Day Three in my Daily Post attempt and my head wants to explode from headache and fatigue and the weight of my hair gathered in a top knot because I went to bed with wet hair and didn’t want to lay on it. Maybe my tense shoulders are just telling me to chop off my hair. Also, I am keeping my goal for the number of days on this challenge to something realistic. My current goal is three days.
Today is Ms. Hayes’ birthday. She was my high school history teacher during my freshman and senior years. I hold a special place in my heart for people with an October birthday. In fact, I cashed in all my on-time chips when I arrived six weeks early to the world just so I could be an October baby (and to keep my parents on their toes). Which means my twin had to do the same thing. We will never be early to anything ever again.
No one knows this sad fact better than my teacher, Ms. Hayes. She kept a sign-in at the door so tardy students could list their reason for arriving late. She then used this “paper trail” for a senior gag to divine the futures that awaited my classmates and me. There were only 33 of us in the graduating class that year in the IB (International Baccalaureate) program. You can read more about my experience here, but I think she was completely, and fortunately, wrong about all of us. I was destined to land in a mental institution, and I have made it 20 years so far in the uncommitted world, somehow.
It helped that she taught us “primal scream therapy” as a means of stress relief and that she had minored in psychology, so she could attend to our concerns–both petty and heart-wrenching–when we broke down at school, as some of us were wont to do. And like many before and after her, she had studied psychology to gain insight into her own family’s foibles. I could relate.
Ms. Hayes also helped her students do a lot of growing up. I remember working on a research essay for my entire freshman year about the colonization of North Africa. I still have nightmares about it. I had to go to the nearby university library to do research, and I was only 14. I felt like an impostor. But when Ms. Hays assessed my progress in the early stages, she told me that my planned essay structure would be “sophisticated.” I got goosebumps at those words. Me? Sophisticated?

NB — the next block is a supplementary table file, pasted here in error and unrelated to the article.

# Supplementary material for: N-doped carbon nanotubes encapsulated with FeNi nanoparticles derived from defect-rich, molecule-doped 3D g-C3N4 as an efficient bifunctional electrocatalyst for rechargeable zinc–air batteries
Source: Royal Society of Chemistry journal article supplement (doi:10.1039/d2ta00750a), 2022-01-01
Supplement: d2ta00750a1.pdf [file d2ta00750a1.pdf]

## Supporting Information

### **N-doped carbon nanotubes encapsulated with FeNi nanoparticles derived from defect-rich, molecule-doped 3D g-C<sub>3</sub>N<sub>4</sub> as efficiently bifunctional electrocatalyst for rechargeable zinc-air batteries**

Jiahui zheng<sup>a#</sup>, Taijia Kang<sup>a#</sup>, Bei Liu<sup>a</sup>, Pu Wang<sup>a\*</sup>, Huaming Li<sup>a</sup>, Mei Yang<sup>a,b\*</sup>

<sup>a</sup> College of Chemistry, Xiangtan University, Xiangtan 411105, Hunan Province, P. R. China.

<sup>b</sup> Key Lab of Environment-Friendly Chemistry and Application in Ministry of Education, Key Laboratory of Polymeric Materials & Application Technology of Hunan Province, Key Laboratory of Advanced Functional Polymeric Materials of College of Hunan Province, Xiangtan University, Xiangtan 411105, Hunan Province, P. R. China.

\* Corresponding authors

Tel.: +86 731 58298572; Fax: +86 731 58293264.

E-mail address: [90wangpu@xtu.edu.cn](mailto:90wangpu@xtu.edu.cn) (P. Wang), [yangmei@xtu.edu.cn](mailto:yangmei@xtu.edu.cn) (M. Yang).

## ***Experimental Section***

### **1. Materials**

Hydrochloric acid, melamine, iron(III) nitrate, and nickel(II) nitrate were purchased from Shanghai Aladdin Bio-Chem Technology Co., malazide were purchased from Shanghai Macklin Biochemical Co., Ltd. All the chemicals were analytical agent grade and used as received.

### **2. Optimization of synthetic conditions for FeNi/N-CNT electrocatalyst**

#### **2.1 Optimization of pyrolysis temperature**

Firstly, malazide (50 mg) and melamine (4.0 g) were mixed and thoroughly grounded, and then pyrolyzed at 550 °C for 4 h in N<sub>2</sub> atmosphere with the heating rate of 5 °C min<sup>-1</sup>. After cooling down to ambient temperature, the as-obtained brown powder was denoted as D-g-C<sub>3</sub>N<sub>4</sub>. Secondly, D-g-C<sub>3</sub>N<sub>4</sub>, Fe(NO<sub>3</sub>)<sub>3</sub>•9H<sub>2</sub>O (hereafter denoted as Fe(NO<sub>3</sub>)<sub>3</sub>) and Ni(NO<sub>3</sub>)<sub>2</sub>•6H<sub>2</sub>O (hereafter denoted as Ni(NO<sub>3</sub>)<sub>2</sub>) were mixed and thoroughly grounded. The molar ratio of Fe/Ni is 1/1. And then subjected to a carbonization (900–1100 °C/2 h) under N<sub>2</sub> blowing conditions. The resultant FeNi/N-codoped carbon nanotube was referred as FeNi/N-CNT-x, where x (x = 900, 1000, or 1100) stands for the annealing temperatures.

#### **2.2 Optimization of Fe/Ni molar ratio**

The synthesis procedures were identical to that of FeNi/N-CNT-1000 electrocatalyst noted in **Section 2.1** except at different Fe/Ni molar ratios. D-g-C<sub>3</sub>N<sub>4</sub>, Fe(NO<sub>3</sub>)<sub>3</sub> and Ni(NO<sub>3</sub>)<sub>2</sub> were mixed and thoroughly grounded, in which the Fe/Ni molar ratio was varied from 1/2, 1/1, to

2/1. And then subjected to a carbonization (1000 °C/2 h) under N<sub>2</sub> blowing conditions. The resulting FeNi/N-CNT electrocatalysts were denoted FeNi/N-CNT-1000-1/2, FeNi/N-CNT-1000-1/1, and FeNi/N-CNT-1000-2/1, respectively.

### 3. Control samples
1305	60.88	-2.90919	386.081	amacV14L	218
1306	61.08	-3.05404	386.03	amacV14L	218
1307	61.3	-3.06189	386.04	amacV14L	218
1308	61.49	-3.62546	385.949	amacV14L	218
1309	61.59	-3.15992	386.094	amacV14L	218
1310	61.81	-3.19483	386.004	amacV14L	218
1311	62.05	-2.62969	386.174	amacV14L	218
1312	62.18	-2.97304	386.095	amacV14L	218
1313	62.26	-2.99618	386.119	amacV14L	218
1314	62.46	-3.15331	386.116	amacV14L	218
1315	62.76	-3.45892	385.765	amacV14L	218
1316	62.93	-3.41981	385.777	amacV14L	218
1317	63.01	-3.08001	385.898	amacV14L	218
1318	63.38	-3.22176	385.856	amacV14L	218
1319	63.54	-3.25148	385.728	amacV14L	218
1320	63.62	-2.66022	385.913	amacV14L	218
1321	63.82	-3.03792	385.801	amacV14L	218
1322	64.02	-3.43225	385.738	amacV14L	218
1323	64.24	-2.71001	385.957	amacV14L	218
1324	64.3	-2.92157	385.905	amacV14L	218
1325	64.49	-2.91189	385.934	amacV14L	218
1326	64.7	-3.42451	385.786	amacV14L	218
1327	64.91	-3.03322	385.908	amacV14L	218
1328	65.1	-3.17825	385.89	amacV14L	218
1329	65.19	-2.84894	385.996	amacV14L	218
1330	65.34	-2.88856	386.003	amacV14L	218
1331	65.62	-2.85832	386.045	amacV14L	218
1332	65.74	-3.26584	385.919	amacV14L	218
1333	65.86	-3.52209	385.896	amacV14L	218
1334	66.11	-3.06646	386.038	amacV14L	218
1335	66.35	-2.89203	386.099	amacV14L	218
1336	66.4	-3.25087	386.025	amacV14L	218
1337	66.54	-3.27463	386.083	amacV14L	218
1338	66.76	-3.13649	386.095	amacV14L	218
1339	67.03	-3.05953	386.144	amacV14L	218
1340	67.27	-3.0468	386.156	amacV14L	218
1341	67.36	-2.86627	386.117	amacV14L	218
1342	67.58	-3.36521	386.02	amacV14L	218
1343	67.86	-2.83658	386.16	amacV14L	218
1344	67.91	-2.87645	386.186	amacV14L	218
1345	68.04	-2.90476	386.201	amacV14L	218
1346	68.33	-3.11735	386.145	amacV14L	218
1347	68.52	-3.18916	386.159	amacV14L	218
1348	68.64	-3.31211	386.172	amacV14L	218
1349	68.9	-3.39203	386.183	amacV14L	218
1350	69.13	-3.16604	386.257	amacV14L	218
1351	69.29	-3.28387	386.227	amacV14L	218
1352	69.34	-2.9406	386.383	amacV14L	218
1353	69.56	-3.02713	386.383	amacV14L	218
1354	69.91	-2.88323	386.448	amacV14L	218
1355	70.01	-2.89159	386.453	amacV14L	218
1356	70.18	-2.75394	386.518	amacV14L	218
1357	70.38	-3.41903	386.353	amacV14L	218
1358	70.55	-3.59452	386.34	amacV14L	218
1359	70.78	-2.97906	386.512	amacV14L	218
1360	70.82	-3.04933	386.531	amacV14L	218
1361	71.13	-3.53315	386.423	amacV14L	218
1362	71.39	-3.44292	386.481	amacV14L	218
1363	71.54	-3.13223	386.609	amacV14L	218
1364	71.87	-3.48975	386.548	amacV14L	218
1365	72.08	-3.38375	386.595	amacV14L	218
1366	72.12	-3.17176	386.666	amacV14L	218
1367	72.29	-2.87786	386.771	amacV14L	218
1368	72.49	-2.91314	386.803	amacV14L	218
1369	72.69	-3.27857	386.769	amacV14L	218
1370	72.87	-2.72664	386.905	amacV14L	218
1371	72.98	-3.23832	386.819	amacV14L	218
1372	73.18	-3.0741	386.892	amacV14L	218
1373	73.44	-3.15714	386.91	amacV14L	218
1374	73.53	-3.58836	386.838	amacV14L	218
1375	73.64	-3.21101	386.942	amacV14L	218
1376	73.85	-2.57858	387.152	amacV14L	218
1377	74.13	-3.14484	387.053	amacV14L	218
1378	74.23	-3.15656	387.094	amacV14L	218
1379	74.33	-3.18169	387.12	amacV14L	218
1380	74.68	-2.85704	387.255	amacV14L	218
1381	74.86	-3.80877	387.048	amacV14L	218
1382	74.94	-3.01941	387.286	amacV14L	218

I read what felt like so many books during my four years in the IB program. I wrote so many essay papers and essay responses and essay excuses for why I hadn’t written my essay on time. I don’t love writing just to write, and I want to write novels even though I rarely read any, so somewhere in all that writing, I must have discovered a love for thinking in written form.
Prior to beginning in the IB program, I had written only a single essay. (I had to type it in the school computer lab as I did not yet own a computer, and walking home late from school that November evening, my twin and I saw a full moon rising, which aided my youngest sister in also avoiding a December birthday. She, it turns out, just gave birth to her first daughter last week. And, believe it or not, she also teaches history and helps young people grow up a bit.)
Teachers for years before then had been equipping me with the tools for writing: grammar, punctuation, style, spelling, vocabulary, but when I was a kid, we weren’t expected to write more than the occasional story or journal entry. My first kid to attend school was writing brief essays in first grade. She is currently writing a book just for fun, and I might learn about the whole publication process because of her.
I may have received very specific praise and instruction from my teachers, but they only nurtured a seed planted long ago by my mom. She would tell us stories and she wrote letters about our goings-on for as long as I could remember. She has this remarkable gift for taking the ordinary occurrences and making them into compelling sagas, comedic commentaries, awe-inspiring miracles, and celebrations of courage. She taught us that any challenging moment could be improved by imagining what a great story it would make for later. We have collected a trove of stories; most of them are even true.
My mom learned from her own mother and other family members. I now share stories with my children. They get to suggest a topic, and after scanning my files, my brain chooses one or two that fit the moment. I have begun to lose a few of those details that used to feel so ready. I hope that in heaven there is a story repository (and a dalmatian plantation) for even those stories I didn’t get to write down but that my children can now recount to me because they’ve asked for them so many times.
I write to keep my story alive, to help it adapt and grow and move with me. I don’t want a story that keeps me stuck or asks anyone but me to choose my path. I write this blog not only to share my story but to include you in it. Hearing from friends and family, especially when you share some of your story with me, brings joy to the journey and relief when I’m weary. Our stories can hold us together at times when we think we have nothing in common. [Spare yourself the pain of watching the video. I chose this song because it was on the radio all of the time when I started high school.]